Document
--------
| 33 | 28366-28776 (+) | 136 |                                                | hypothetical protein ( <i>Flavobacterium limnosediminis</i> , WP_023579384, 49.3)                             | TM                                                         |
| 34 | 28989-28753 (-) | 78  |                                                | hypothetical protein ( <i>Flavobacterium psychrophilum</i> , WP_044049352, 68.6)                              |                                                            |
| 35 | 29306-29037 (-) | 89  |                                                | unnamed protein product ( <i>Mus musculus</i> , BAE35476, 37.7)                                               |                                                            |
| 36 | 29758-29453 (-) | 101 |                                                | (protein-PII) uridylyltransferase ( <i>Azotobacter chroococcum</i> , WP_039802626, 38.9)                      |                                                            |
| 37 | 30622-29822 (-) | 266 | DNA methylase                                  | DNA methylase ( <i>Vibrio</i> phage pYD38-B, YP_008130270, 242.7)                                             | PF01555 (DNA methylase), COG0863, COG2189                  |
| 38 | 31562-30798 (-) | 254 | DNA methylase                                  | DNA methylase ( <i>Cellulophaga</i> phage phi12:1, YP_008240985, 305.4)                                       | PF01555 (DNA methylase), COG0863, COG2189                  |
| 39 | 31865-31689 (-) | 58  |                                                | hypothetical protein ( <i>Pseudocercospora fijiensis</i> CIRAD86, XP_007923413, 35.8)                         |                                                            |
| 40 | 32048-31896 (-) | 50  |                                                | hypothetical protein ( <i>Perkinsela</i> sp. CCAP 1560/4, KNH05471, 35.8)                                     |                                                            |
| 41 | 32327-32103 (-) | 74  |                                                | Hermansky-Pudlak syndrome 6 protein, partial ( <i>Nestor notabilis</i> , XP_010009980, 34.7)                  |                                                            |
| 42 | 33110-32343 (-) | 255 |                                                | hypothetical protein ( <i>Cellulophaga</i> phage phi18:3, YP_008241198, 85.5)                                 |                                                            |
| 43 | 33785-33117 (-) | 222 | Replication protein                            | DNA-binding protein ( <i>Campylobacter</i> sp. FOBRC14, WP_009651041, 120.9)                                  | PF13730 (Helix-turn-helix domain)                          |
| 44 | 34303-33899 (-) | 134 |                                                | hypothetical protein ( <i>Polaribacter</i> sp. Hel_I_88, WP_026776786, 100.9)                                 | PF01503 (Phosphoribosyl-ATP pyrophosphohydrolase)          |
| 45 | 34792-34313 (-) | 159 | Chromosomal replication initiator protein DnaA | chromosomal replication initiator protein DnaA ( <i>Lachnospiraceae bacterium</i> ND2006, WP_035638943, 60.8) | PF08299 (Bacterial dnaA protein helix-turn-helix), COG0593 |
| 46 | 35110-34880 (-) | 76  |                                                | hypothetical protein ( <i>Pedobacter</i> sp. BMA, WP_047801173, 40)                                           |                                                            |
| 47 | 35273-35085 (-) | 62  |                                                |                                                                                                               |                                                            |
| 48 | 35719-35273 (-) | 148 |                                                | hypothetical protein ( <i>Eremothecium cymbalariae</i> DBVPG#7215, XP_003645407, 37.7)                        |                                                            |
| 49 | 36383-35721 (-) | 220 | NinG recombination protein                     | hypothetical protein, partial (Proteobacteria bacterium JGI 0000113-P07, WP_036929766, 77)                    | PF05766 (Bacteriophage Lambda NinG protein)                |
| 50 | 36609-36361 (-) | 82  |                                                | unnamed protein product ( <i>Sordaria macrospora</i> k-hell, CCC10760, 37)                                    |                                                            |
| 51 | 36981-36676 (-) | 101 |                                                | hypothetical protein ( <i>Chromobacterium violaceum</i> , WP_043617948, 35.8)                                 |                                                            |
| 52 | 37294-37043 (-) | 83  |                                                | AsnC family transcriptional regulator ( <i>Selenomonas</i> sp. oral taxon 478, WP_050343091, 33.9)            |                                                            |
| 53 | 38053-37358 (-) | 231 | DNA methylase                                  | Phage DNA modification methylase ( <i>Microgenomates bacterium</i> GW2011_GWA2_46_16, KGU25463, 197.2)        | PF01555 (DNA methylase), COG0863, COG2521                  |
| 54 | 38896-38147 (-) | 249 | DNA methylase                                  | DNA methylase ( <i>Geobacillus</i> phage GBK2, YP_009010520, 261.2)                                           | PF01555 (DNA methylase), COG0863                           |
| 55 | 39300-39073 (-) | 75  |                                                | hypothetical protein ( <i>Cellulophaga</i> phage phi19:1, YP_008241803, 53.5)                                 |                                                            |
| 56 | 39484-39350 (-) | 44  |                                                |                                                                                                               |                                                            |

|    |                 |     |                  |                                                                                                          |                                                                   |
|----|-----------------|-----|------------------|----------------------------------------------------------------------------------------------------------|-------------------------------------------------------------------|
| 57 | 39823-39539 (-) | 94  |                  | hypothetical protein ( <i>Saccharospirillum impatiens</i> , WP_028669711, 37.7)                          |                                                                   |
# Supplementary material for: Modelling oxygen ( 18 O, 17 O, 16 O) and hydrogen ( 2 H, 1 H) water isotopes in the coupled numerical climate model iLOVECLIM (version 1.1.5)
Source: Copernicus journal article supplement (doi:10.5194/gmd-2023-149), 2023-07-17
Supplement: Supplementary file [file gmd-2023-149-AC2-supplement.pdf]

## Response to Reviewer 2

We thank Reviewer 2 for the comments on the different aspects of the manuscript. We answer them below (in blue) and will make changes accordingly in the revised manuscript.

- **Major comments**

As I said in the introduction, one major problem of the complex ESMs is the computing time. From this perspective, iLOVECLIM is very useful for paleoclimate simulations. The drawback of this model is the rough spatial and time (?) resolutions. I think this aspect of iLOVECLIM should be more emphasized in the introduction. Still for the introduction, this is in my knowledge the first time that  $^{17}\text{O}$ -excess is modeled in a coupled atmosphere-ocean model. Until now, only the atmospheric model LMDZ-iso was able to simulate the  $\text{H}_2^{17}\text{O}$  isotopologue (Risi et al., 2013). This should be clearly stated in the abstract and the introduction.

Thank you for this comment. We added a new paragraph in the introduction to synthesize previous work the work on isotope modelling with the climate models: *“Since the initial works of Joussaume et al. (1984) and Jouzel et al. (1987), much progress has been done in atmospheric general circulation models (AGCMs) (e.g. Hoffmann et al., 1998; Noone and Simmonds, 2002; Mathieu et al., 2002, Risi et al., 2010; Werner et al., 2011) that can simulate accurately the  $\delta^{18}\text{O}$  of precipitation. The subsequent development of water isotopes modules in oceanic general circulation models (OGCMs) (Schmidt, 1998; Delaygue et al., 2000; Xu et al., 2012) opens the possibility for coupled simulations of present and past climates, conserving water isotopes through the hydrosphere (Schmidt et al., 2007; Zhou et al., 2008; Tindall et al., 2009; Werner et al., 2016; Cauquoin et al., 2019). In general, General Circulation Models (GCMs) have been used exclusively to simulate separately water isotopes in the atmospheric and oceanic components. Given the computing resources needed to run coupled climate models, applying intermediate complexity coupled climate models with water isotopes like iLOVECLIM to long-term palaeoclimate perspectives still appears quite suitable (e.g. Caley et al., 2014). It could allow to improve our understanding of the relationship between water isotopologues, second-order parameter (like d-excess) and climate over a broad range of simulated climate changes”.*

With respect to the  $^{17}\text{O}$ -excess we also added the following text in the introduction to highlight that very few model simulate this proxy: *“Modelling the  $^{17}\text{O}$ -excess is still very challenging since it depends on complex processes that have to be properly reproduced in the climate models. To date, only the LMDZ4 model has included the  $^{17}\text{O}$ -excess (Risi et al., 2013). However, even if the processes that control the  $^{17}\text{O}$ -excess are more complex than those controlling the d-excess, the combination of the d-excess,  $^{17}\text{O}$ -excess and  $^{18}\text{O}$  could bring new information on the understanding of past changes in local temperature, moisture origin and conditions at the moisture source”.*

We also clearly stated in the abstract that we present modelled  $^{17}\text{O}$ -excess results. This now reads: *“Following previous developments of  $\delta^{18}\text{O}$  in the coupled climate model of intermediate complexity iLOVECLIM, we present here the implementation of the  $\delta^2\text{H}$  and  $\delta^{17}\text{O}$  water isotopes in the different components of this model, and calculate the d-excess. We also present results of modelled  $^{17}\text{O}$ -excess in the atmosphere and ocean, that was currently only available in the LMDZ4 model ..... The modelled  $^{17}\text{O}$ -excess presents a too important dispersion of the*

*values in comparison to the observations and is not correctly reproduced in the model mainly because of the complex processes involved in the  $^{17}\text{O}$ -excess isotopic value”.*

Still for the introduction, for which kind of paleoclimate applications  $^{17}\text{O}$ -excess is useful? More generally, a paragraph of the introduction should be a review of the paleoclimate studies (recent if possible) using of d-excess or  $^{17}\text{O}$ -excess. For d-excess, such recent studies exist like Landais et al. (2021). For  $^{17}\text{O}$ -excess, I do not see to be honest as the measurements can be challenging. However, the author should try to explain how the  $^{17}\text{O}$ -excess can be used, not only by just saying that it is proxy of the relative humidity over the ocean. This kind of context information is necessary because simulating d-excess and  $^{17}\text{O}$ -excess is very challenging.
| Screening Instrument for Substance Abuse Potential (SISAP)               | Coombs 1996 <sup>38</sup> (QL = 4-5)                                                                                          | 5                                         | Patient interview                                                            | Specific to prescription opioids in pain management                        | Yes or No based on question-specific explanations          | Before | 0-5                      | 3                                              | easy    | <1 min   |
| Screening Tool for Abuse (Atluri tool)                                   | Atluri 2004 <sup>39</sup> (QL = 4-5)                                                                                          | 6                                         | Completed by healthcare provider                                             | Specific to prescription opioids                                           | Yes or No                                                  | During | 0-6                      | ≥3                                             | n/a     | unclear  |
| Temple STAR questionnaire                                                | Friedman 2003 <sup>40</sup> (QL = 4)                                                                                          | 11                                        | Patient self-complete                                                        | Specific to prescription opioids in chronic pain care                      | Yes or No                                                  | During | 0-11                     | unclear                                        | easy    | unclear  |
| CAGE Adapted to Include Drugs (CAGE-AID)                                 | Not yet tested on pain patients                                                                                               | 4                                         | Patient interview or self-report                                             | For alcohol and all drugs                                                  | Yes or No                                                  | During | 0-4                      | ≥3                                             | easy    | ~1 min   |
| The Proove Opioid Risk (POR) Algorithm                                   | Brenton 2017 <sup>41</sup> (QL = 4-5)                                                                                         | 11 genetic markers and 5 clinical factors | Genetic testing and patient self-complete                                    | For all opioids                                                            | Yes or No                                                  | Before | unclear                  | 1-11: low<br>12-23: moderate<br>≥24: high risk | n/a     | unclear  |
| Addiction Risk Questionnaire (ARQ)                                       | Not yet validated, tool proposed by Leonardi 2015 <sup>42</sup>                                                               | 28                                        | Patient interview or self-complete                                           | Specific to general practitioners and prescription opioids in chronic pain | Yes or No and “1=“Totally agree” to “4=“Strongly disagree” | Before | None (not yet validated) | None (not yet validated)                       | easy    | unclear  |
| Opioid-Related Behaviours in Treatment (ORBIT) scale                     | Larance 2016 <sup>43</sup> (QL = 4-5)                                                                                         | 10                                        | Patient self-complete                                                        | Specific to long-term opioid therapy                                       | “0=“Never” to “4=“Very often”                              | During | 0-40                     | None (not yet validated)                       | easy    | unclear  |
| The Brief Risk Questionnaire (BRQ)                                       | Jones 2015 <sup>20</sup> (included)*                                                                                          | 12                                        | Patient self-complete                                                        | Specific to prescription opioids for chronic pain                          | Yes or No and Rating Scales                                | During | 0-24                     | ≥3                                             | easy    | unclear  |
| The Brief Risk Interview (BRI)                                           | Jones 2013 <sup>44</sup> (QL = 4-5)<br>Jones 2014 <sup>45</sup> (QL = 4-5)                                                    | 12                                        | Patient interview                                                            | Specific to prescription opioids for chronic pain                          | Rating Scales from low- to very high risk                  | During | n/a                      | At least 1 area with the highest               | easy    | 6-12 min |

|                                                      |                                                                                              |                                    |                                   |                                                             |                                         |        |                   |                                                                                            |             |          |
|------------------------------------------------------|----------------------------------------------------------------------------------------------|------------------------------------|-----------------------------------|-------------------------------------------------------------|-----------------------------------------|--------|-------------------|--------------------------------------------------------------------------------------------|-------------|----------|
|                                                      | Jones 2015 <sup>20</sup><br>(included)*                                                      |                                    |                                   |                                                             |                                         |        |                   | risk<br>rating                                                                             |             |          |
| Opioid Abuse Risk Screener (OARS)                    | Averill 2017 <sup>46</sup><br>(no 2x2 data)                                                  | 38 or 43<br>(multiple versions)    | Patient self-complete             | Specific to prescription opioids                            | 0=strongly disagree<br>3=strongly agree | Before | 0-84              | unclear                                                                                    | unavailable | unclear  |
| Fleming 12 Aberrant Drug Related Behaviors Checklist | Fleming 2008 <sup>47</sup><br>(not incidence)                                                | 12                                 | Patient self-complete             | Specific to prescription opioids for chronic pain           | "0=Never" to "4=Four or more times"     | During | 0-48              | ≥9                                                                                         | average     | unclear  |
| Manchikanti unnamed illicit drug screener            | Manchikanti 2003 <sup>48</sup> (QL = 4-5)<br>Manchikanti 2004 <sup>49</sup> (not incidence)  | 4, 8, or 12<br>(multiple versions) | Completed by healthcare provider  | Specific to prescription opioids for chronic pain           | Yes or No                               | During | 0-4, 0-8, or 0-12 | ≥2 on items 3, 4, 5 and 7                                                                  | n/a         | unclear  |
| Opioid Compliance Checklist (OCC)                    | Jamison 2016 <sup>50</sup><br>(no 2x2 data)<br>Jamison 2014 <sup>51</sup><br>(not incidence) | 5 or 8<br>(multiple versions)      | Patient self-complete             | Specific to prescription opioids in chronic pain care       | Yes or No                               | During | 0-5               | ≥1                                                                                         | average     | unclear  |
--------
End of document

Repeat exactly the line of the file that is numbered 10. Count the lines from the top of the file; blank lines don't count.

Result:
| 42 | 33110-32343 (-) | 255 |                                                | hypothetical protein ( <i>Cellulophaga</i> phage phi18:3, YP_008241198, 85.5)                                 |                                                            |